Using the FileDialog ObjectsThis content is no longer actively maintained. It is provided as is, for anyone who may still be using these technologies, with no warranties or claims of accuracy with regard to the most recent product version or service release.
Microsoft® Office XP
File dialog boxes in Microsoft® Office give users and applications the ability to manipulate files and folders. Although the Open and Save As file dialog boxes existed in Microsoft Office 2000, developers didn't have much programmatic access to them. Prior to Office XP, in order to program and distribute solutions that rely on file dialog boxes, developers had to incorporate the Common Dialog ActiveX® control available in separate products such as Microsoft Visual Basic® or Microsoft Visual FoxPro®, or use the Microsoft Windows® application programming interface (API).
In Office XP, however, the Open and Save As file dialog boxes are available directly within the Office 10.0 object library, as well as two additional file dialog boxes (File Picker and Folder Picker) for selecting files or a folder. These new file dialog boxes allow developers to get lists of files or a folder path from users without having to build a custom user interface. The new FileDialog object model in Office XP also allows programmatic access to file dialog box user interface items such as:
- Setting the title text for the file dialog box
- Setting the "action button" text (such as Open, Save, and so on)
- Setting the allowable file types (such as *.doc, *.xls, and so on).
- Setting the initial file or folder selection
- Setting the initial view (Large Icons view, Thumbnails view, and so on)
- Allowing single or multiple file selections
To better understand how to programmatically access file dialog boxes, let's explore the various user interface elements of the file dialog boxes and how these elements correspond to the FileDialog object model.
To better understand how file dialog boxes can be manipulated, Figure 1 provides a graphical representation of the user interface elements of a file dialog box, and Table 2 provides a description of some of these elements along with their corresponding FileDialog object members.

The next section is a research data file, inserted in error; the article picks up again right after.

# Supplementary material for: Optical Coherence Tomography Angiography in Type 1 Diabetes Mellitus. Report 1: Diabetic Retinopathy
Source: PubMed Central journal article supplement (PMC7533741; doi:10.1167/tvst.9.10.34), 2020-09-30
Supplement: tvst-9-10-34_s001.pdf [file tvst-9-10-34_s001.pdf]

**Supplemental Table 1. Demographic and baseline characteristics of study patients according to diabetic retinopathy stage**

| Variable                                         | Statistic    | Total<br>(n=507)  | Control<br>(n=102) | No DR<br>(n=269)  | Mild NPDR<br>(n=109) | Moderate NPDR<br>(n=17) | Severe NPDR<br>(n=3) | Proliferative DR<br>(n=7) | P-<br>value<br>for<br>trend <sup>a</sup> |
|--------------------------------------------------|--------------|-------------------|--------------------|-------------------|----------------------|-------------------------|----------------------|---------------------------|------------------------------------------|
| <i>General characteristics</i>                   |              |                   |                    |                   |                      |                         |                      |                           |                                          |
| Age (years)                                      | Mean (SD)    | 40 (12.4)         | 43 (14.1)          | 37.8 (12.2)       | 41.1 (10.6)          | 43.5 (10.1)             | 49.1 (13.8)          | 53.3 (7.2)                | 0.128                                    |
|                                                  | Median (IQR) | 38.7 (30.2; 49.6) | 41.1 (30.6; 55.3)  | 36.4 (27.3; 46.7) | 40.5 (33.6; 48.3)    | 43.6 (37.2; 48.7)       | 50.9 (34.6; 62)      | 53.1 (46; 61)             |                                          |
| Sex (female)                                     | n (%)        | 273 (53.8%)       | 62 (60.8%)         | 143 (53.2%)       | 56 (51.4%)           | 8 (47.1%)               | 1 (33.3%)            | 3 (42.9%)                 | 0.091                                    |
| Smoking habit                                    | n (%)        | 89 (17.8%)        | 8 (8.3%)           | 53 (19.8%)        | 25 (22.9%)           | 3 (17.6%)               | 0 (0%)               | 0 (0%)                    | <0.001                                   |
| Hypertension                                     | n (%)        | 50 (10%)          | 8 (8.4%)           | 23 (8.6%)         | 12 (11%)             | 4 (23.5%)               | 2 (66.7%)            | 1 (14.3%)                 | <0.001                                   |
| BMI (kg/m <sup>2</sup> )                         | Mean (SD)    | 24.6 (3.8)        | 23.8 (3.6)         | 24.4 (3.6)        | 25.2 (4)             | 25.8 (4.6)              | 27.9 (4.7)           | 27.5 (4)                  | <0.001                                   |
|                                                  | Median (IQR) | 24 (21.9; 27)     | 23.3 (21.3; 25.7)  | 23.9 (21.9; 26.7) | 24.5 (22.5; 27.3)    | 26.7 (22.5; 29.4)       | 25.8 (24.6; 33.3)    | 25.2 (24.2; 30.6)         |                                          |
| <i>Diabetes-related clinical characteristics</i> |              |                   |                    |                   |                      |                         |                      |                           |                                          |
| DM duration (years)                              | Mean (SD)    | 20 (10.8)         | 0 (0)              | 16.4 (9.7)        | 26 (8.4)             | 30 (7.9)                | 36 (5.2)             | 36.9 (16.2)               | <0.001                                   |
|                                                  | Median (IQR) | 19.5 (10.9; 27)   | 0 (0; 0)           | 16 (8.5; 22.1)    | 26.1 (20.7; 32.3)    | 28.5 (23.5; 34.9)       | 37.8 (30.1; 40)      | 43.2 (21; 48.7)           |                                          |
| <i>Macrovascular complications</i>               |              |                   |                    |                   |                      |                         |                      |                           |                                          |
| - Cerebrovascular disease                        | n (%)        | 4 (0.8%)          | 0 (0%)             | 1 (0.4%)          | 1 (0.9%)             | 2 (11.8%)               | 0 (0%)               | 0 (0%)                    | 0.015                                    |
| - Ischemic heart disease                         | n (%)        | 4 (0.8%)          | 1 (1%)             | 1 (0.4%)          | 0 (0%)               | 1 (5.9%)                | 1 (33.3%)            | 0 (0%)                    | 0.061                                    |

Figure 1. File dialog box user interface elements
Table 2. File dialog box element descriptions and FileDialog object members
|File dialog box element||Description||FileDialog object member|
|Title||The file dialog box title.||Title property|
|Look in and File name boxes||The initial path or file name to be displayed.||InitialFileName|
|Views button||The initial view.||InitialView|
|Files of type box||A collection of file filters.||Add|
|Open button||The text for the "action button".||ButtonName |
Now let's explore the FileDialog object model for accessing file dialog boxes.
To understand the object model for accessing file dialog boxes, Figure 2 provides a graphical representation of the collections and objects in the FileDialog object model, and Table 3 describes the purpose of each of these items in the object model.
Figure 2. The FileDialog object model
Table 3. Description of objects/collections in the FileDialog object model
|FileDialog object||Represents a single file dialog box.|
|FileDialogFilters collection||Represents a collection of the types of files that can be selected in a file dialog box.|
|FileDialogFilter object||Represents a single file type that can be selected in a file dialog box.|
|FileDialogSelectedItems collection||Represents a collection of paths to files or a folder that a user has selected in a file dialog box.|
Now that you know the graphical elements of a file dialog box and how they relate to the FileDialog object model, let's look at an example of how to use file dialog boxes programmatically.
In the example, which is available for download, I demonstrate how to program the File Picker and Save As file dialog boxes to concatenate multiple Microsoft Word files into one Word file.